OAKLAND — As have all professional sports drafts, the baseball draft has turned into something of a cottage industry. Blame the Internet or 24-hour sports news or player agents or maybe global warming.
Used to be, and not very long ago, that the baseball draft was a non-story 364 days a year, with a 10-paragraph wrapup on draft day, citing a collection of names nobody had ever heard of and, in most cases, would never hear of again.
Now the draft is a 365-day industry. It doesn’t yet approach the hype of the NFL draft or, at least in Canada, the NHL draft but the amount of information is enough to make your eyes glaze over.
That’s why the world was all a-twitter last evening in anticipation of the baseball signing deadline for this year’s draftees. Yes, there’s a lot of money at stake and that tends to get people’s attention.
5% make it
In all the excitement, we need to remember there is one thing that hasn’t changed: one of every 20 — or about 5% — of the hopeful young men who sign professional baseball contracts, will play even one game in the major leagues. That is the number quoted to me by Pat Gillick 25 years ago. From there, the odds get astronomical when talking about players who last a year, five years or a 15-year career, which makes a lot of the money that was spent on this draft class, wasted. The clubs know that, but that’s the price of doing business.
The Blue Jays got their man on Monday night when the No. 11 pick, Deck McGuire, signed on the dotted line for a reported $2 million. He may, or may not, one day be included in that rare 5% grouping, but one thing is certain: Unless he has Mike Tyson for a financial advisor, he should be set for life.
However he makes out, his baseball profile fits the mold of the kinds of pitchers Alex Anthopoulos wants in his big-league rotation: Big power pitchers with a command of the strike zone.
Last week, in a Sports Illustrated interview, Anthopoulos talked about what is required in the AL East when facing the patient veteran hitters that populate the Yankees, Red Sox and Rays.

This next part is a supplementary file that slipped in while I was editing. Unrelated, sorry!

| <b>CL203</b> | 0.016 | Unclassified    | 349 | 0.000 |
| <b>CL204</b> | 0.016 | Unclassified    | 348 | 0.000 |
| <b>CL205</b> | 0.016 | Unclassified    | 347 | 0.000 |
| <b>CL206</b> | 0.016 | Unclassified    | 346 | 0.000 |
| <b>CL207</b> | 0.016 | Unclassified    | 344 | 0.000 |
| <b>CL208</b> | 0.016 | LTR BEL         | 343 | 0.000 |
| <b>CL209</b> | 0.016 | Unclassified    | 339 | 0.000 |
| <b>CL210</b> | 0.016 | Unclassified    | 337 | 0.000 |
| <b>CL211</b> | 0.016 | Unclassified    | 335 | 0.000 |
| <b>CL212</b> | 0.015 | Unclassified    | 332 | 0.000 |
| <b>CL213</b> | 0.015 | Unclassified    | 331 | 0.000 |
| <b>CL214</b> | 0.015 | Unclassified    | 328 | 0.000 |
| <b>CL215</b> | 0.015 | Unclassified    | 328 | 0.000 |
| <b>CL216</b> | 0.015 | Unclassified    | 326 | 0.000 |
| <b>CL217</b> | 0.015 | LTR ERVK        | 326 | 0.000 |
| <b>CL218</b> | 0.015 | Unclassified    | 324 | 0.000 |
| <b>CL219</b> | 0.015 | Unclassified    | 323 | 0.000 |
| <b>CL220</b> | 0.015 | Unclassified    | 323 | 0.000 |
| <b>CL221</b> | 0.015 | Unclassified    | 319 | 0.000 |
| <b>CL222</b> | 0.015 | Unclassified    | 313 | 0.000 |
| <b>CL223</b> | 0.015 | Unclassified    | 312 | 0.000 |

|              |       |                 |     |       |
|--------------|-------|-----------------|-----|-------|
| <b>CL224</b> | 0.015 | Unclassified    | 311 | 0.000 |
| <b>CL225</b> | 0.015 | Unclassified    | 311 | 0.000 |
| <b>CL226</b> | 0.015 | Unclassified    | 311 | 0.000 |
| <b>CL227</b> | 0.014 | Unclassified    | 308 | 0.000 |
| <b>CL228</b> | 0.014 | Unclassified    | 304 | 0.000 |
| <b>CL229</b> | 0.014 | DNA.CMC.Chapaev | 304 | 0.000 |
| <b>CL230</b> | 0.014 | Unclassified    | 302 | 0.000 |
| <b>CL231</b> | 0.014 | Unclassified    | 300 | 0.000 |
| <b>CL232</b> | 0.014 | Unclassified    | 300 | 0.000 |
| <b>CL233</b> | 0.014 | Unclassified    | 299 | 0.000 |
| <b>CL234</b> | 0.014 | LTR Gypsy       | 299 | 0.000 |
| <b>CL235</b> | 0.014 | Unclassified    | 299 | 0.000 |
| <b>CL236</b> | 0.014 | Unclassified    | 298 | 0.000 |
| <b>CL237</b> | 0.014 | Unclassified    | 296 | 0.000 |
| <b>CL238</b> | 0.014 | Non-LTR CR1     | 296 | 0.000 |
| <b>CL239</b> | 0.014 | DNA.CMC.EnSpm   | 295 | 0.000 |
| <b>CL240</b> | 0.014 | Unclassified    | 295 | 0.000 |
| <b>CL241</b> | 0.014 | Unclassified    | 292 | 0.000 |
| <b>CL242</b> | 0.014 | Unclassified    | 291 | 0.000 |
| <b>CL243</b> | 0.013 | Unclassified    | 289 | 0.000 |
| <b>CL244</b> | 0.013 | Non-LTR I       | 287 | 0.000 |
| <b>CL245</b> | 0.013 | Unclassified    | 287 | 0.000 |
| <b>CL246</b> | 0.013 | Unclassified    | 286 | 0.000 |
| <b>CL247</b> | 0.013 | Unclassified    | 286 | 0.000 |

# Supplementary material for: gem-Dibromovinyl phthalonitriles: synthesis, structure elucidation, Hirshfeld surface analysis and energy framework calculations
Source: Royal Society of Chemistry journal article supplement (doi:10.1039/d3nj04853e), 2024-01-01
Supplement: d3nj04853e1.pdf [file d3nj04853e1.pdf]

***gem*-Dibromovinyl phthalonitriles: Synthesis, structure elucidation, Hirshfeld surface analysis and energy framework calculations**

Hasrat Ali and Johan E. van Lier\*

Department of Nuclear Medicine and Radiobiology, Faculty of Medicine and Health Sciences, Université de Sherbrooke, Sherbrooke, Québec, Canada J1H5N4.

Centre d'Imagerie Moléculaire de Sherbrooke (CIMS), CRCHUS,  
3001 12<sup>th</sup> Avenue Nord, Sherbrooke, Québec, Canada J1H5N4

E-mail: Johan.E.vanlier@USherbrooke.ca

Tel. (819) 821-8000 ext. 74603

“You need pitchers who can get strikeouts and strikes in the strike zone,” Anthopoulos said in that article. “All the lineups are really selective and will make you come into the zone. That puts a premium on the ability to get strikes in the strike zone.”
McGuire fits that profile, in much the same way that last year’s No. 1, Chad Jenkins, does.
“I’m a four-pitch guy, my fastball is 90-94 and I do my best to run it and sink it,” said McGuire in a conference call with reporters Tuesday.
“Sometimes it co-operates, sometimes it doesn’t. I try to locate my pitches, I won’t overpower anyone for the most part, but I try to locate as well as anyone. I have a changeup and breaking ball and I use them sometimes to set up other pitches, but I’d say my strikeout pitches are my fastball and slider.”
McGuire doesn’t know when and where his pro career will start but if you use Jenkins’ first year as a profile, you probably won’t go too far wrong.
Jenkins, a late sign whose bread-and-butter is also a hard sinker, went to instructional ball last fall and was invited to spring training where he made a good impresion with the Jays last February. He started his minor-league season at Lansing, the club’s low-A affiliate and will finish it at Dunedin in high-A.
McGuire went right down to the wire before signing with the Jays. He had the option of going back to Georgia Tech for another season and, until draft day, that’s all he had been thinking.
“The Jays area scout (Eric McQueen) was a Georgia Tech grad himself, we talked last fall and he did a good job letting me play and not hounding me all the time,’ said McGuire. “Then on June 7, he congratulated me after the draft.”
As time went on, McGuire started realizing where his future lay.
“I just felt like I was ready to get my pro career started,” he said. “When it came time to make that executive decision, I felt it was the right time for me. They had their dollar amount and we had ours, we were able to talk it out and meet in the middle.”
Now the heavy lifting begins, not just for McGuire, but for the entire draft class, as they try to prove their worth.